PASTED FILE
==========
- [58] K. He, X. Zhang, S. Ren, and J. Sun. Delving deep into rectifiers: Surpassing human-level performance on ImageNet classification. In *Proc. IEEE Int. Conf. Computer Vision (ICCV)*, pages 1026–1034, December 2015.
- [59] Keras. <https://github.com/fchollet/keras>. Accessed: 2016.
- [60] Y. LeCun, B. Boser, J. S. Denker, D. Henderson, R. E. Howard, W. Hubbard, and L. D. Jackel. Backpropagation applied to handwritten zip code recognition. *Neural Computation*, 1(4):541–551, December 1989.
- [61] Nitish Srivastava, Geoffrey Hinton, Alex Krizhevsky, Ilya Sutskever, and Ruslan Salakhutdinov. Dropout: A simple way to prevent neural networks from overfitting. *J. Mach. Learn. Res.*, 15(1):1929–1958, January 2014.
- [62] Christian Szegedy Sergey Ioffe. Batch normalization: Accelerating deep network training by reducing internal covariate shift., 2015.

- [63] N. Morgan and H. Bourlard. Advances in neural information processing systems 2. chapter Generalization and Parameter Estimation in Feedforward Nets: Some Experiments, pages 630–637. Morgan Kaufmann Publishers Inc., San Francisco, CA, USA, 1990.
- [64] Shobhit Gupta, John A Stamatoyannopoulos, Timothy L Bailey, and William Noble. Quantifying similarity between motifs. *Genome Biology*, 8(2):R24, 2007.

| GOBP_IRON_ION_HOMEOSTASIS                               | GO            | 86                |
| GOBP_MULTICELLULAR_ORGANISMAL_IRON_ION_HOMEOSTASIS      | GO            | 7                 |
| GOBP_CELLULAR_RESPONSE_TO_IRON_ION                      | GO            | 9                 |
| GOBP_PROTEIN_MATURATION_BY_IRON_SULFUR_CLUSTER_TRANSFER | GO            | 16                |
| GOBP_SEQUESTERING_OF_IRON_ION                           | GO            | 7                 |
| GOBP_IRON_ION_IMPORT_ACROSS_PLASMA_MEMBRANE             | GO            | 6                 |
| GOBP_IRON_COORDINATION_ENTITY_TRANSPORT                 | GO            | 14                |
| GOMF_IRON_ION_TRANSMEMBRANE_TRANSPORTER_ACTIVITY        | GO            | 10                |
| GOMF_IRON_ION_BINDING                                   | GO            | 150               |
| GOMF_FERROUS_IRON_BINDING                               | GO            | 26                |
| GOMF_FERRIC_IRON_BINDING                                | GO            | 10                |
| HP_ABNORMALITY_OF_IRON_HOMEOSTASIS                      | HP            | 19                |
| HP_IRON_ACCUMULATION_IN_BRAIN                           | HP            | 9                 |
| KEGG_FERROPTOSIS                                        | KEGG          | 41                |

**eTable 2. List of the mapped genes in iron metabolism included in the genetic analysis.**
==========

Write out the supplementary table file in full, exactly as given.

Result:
- [58] K. He, X. Zhang, S. Ren, and J. Sun. Delving deep into rectifiers: Surpassing human-level performance on ImageNet classification. In *Proc. IEEE Int. Conf. Computer Vision (ICCV)*, pages 1026–1034, December 2015.
- [59] Keras. <https://github.com/fchollet/keras>. Accessed: 2016.
- [60] Y. LeCun, B. Boser, J. S. Denker, D. Henderson, R. E. Howard, W. Hubbard, and L. D. Jackel. Backpropagation applied to handwritten zip code recognition. *Neural Computation*, 1(4):541–551, December 1989.
- [61] Nitish Srivastava, Geoffrey Hinton, Alex Krizhevsky, Ilya Sutskever, and Ruslan Salakhutdinov. Dropout: A simple way to prevent neural networks from overfitting. *J. Mach. Learn. Res.*, 15(1):1929–1958, January 2014.
- [62] Christian Szegedy Sergey Ioffe. Batch normalization: Accelerating deep network training by reducing internal covariate shift., 2015.

- [63] N. Morgan and H. Bourlard. Advances in neural information processing systems 2. chapter Generalization and Parameter Estimation in Feedforward Nets: Some Experiments, pages 630–637. Morgan Kaufmann Publishers Inc., San Francisco, CA, USA, 1990.
- [64] Shobhit Gupta, John A Stamatoyannopoulos, Timothy L Bailey, and William Noble. Quantifying similarity between motifs. *Genome Biology*, 8(2):R24, 2007.

| GOBP_IRON_ION_HOMEOSTASIS                               | GO            | 86                |
| GOBP_MULTICELLULAR_ORGANISMAL_IRON_ION_HOMEOSTASIS      | GO            | 7                 |
| GOBP_CELLULAR_RESPONSE_TO_IRON_ION                      | GO            | 9                 |
| GOBP_PROTEIN_MATURATION_BY_IRON_SULFUR_CLUSTER_TRANSFER | GO            | 16                |
| GOBP_SEQUESTERING_OF_IRON_ION                           | GO            | 7                 |
| GOBP_IRON_ION_IMPORT_ACROSS_PLASMA_MEMBRANE             | GO            | 6                 |
| GOBP_IRON_COORDINATION_ENTITY_TRANSPORT                 | GO            | 14                |
| GOMF_IRON_ION_TRANSMEMBRANE_TRANSPORTER_ACTIVITY        | GO            | 10                |
| GOMF_IRON_ION_BINDING                                   | GO            | 150               |
| GOMF_FERROUS_IRON_BINDING                               | GO            | 26                |
| GOMF_FERRIC_IRON_BINDING                                | GO            | 10                |
| HP_ABNORMALITY_OF_IRON_HOMEOSTASIS                      | HP            | 19                |
| HP_IRON_ACCUMULATION_IN_BRAIN                           | HP            | 9                 |
| KEGG_FERROPTOSIS                                        | KEGG          | 41                |

**eTable 2. List of the mapped genes in iron metabolism included in the genetic analysis.**